Meet Esteban Sinisterra Paz, the Designer Dressing Colombia’s First Black Vice President

Esteban Sinisterra Paz, 23, in his studio in Cali, Colombia. (Charlie Cordero/For The Washington Post)

Esteban Sinisterra Paz was 5 years old when armed men told his family — and everyone else in their small, predominantly Afro-Colombian town of Santa Bárbara de Iscuandé — that they had to leave. Anyone who stayed behind, they warned, would be killed.

Sinisterra, his parents and three sisters jumped into a boat and traveled down the Iscuandé River. It carried them to a safe refuge: The home of his grandmother, a seamstress. The place where, for the first time, he saw the magic of fabric being turned into something more.

He grew up helping his aunt sew dresses, and his grandmother make blankets with the fragments his aunt no longer needed. When he was 14, he started dreaming of founding a fashion line.

Now 23, he’s the personal designer for the woman who will become Colombia’s first Black vice president. Francia Márquez, a housekeeper turned environmental activist and lawyer, will take office alongside President-elect Gustavo Petro in August.

Throughout the campaign and since the election, Márquez has used her growing prominence to mainstream her Afro-Colombian heritage. In this, Sinisterra is her partner. The vice president-elect, working with Sinisterra and fashion consultant Diana Rojas, has drawn notice for the bright colors and intricate patterns that are unusual for the political arena here, where few Black politicians have reached national office and few female politicians wear clothing beyond traditional professional attire.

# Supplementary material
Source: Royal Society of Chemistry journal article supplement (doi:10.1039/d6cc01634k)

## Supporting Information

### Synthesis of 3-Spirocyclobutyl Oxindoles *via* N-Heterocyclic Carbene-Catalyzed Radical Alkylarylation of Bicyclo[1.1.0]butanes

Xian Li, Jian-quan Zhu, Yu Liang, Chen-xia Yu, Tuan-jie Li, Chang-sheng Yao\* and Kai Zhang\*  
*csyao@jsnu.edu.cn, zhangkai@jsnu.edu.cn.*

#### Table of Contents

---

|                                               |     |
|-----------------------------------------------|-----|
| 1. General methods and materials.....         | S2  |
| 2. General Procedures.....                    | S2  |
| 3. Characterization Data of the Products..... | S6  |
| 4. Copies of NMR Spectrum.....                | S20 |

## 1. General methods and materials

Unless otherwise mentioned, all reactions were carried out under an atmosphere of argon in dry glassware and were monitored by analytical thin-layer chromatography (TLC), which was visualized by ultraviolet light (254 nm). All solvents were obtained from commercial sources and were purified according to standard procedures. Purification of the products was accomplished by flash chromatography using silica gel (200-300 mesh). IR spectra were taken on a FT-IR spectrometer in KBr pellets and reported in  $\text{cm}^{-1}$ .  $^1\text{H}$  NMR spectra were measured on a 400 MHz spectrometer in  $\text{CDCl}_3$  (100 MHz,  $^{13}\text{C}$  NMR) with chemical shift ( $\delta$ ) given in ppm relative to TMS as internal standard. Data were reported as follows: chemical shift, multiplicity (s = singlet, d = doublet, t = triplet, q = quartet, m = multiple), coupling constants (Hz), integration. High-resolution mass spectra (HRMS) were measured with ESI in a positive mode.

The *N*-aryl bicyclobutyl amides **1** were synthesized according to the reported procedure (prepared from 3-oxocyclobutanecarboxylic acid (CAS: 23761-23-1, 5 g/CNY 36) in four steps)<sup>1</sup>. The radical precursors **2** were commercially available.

“Márquez’s wardrobe has been a vehicle for sharing her origin and culture,” said Mona Herbe, a visual artist in Bogotá. “In her speeches, she has mentioned with clarity problems her people have been subjected to, like racism, marginalization, injustice and precariousness. But, with her clothes, she sends messages of the beauty, complexity and richness of her ancestors.”

Márquez, who before the campaign was a jeans-and-shirt kind of person, described a 2019 trip she took to Senegal’s Gorée Island, a port from which enslaved Africans were shipped to the Americas.

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SOURCE: The Washington Post, Diana Durán

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